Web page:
Just out: The Book of the Red King, a collection of poems about the mysterious Red King, the lunar Precious Wentletrap, and the transforming Fool (Phoenicia Publishing.) Illuminated by Clive-Hicks-Jenkins. "A must-read and a distinctive, evocative voice. There is no one like Marly Youmans" -Kim Bridgford. Please check out the link above for news, review clips, and more!

Saturday, July 20, 2019

Secret/poem + Induction weekend


Here's 
a new blank verse poem up at The North American Anglican...
Take a look? You can even comment, it appears...
Enjoy!



And...
notes from the Saturday of Induction weekend
at The Baseball Hall of Fame...

Escaped to Glimmerglass State Park with Michael and child no. 3 for a break from Baseball Hall of Fame induction-weekend madness. We planned to paddle about in Otsego Lake. First though, we (i.e. the handy husband) started a big happy heap of briquets to grill steaks. How pleasant it all sounds!

Abruptly (such things are always so sudden!), the sky decided to change its colors, and a mighty horizontal torrent of wind (bearing rain so thick the grass looked streaked with white) decided to join our formerly-idyllic party. A brilliant, zappy electric storm broke the afternoon into pieces with blazing jolts and extravagant smashings of crockery. 

The Amish all got their horses and black buggies joined up and left us, clipping away at a fast pace, babes in arms and little children peering out the back windows.

We raced about and slung everything back in the truck except the fire. 

The big maple shading our picnic table snapped apart; half crashed downward and knocked over another tree. Impressive! How lucky we were to have the modicum of sense that sent us to the truck.

The rain slowed to a patter. Foolish, dauntless, and edged with optimism, we carted the picnic supplies back to our now wet and leaf-surrounded table. To try once more!

Then. The whole rackety ruckus started up again... 

We laughed. We tossed everything back in the truck once more. We abandoned our magnificent steak-pyre of burning charcoal that somehow had continued all its merry activity in spite of rain. What was left of the tree must have sheltered the grill.

After asome dithering and laughter, we drove home again. No rain. So we walked the length of Cooperstown's Main St., winding through the tourists in their striped baseball uniforms and baseball T-shirts and baseball hats and eating street food instead of steaks. I had a pizza slice from a portable brick oven that had rolled all the way from the New York City, and afterward an ice cream sandwich made by the ice cream fanatics at our Route 20 Dairyland under the willow trees. Saw many gawk-worthy tourists scenes. Saw many unfortunate small children of baseball fans plastered to their strollers by heat and entirely too much baseball. 

Child no. 3 ate six fried oreos for dessert and survived with no ill effects. This news seemed especially notable.

An unusually large number of police, state police, sheriff staff, and mysterious men in black-windowed vans were in evidence. And I noted a prodigious number of tourists who love sports but who evidently don't do any themselves. Or perhaps it was simply too many fried oreos...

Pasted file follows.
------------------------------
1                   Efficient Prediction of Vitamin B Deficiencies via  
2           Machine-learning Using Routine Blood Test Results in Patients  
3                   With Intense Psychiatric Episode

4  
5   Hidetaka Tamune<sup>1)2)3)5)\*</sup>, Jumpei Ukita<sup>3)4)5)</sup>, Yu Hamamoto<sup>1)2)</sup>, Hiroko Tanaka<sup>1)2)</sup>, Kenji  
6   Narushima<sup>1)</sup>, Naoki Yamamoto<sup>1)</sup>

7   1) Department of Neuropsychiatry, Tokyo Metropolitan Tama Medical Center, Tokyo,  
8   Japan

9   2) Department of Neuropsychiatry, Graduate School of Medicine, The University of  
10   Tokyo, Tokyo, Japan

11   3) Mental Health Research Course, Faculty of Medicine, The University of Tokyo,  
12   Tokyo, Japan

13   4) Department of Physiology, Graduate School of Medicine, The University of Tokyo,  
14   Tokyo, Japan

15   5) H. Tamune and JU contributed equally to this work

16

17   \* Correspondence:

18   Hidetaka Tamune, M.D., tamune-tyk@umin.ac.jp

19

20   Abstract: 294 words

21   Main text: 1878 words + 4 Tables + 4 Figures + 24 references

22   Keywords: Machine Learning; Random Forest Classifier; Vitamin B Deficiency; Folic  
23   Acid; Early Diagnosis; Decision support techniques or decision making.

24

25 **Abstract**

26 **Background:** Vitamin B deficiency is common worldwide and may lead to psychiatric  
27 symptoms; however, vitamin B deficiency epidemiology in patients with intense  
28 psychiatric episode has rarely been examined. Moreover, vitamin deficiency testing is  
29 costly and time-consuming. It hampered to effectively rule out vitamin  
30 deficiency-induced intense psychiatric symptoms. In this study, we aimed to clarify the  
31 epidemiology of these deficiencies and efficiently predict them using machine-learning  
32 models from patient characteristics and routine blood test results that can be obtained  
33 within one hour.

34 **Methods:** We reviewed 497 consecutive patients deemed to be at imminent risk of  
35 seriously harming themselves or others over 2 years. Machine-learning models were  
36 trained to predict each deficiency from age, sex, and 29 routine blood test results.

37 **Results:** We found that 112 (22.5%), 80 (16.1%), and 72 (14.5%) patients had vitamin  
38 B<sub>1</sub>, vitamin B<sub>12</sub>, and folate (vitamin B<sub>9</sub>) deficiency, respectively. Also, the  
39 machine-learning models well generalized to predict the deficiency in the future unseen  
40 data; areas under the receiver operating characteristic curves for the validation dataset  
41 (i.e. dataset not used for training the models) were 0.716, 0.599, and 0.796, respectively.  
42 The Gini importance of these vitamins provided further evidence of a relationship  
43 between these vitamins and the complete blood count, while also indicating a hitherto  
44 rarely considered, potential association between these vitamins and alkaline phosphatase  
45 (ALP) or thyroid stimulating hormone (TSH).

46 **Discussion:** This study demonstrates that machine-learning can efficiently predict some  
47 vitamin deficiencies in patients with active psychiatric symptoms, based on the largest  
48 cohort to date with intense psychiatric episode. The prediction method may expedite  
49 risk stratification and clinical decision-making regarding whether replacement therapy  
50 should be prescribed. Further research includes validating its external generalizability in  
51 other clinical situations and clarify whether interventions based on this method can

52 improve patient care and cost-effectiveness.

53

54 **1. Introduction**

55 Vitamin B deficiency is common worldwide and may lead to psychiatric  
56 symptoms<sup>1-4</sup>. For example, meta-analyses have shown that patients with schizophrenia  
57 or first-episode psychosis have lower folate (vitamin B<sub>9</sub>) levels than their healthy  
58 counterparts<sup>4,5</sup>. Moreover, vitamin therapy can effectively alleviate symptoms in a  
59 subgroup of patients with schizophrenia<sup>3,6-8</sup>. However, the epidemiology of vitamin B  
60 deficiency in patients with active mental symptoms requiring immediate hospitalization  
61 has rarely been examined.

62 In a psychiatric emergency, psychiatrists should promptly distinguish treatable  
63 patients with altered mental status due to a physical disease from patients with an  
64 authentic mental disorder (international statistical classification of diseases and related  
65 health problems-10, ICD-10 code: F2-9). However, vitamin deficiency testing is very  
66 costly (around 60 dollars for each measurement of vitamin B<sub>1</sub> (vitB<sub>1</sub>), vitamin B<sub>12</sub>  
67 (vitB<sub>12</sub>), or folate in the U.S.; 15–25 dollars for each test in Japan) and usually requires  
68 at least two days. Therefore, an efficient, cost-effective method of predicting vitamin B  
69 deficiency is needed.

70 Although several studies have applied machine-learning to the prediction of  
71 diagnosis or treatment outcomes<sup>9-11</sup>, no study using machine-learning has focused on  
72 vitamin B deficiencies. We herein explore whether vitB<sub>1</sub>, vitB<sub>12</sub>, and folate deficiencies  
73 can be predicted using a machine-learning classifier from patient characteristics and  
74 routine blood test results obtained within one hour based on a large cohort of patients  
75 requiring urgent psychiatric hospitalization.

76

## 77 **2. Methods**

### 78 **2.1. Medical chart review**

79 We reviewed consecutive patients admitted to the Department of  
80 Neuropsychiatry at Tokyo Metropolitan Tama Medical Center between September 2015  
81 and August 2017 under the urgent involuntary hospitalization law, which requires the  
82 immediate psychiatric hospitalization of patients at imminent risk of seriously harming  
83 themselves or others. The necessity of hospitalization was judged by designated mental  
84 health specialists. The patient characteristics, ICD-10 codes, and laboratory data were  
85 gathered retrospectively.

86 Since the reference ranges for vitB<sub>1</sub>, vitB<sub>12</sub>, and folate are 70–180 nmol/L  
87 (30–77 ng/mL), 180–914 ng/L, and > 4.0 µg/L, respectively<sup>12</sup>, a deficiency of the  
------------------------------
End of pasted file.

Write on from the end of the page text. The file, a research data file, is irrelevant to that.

So much for avoiding the crush! Happy induction weekend, y'all...

4 comments:

  1. Apologies to Clive, Lorrie, and some others who tried to leave a comment. I'm going to check and see if this goes...

    ReplyDelete
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    1. I suggest that you choose Name/URL, given what people have said...

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  2. It is said that Americans - at their natural best - are good at optimism. This one (ie, who wrote the above post) not only confirms this but proves the author has a direct line all the way into the US literary tradition. Where did I first encounter "prodigious" used with exactly that idiomatic meaning and coming - as it does - slightly out of left field? Mark Twain perhaps? Given the location you describe I hope you approve of my sly insertion of sporting jargon.

    Thanks for the quote, some while back, from Kathleen Raine. Great rhythmic certainty. I am spurred to explore further.

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    1. Well, I am glad you could post, as rafts of people said they had trouble recently. Well, small rafts! So maybe things are back to normal...

      Left field duly noted, haha--you are sly, indeed.

      Prodigious: I am sure Twain must have had something to do with it. He has a lot to do with Americans, especially with making fun of them.

      And also Puttenham's Art of English Poesy. I have forgotten the rhetorical term for moving one word from its expected place to another place in the line. I believe Puttenham called it The Traveller. Not sure. But maybe it's a type of syllepsis where a single word governs literal and figurative meanings? I can never keep those terms in my head, alas.

      Yes, I'm running a discussion on Raine and Wilbur next week. Should be entertaining...

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Alas, I must once again remind large numbers of Chinese salesmen and other worldwide peddlers that if they fall into the Gulf of Spam, they will be eaten by roaming Balrogs. The rest of you, lovers of grace, poetry, and horses (nod to Yeats--you do not have to be fond of horses), feel free to leave fascinating missives and curious arguments.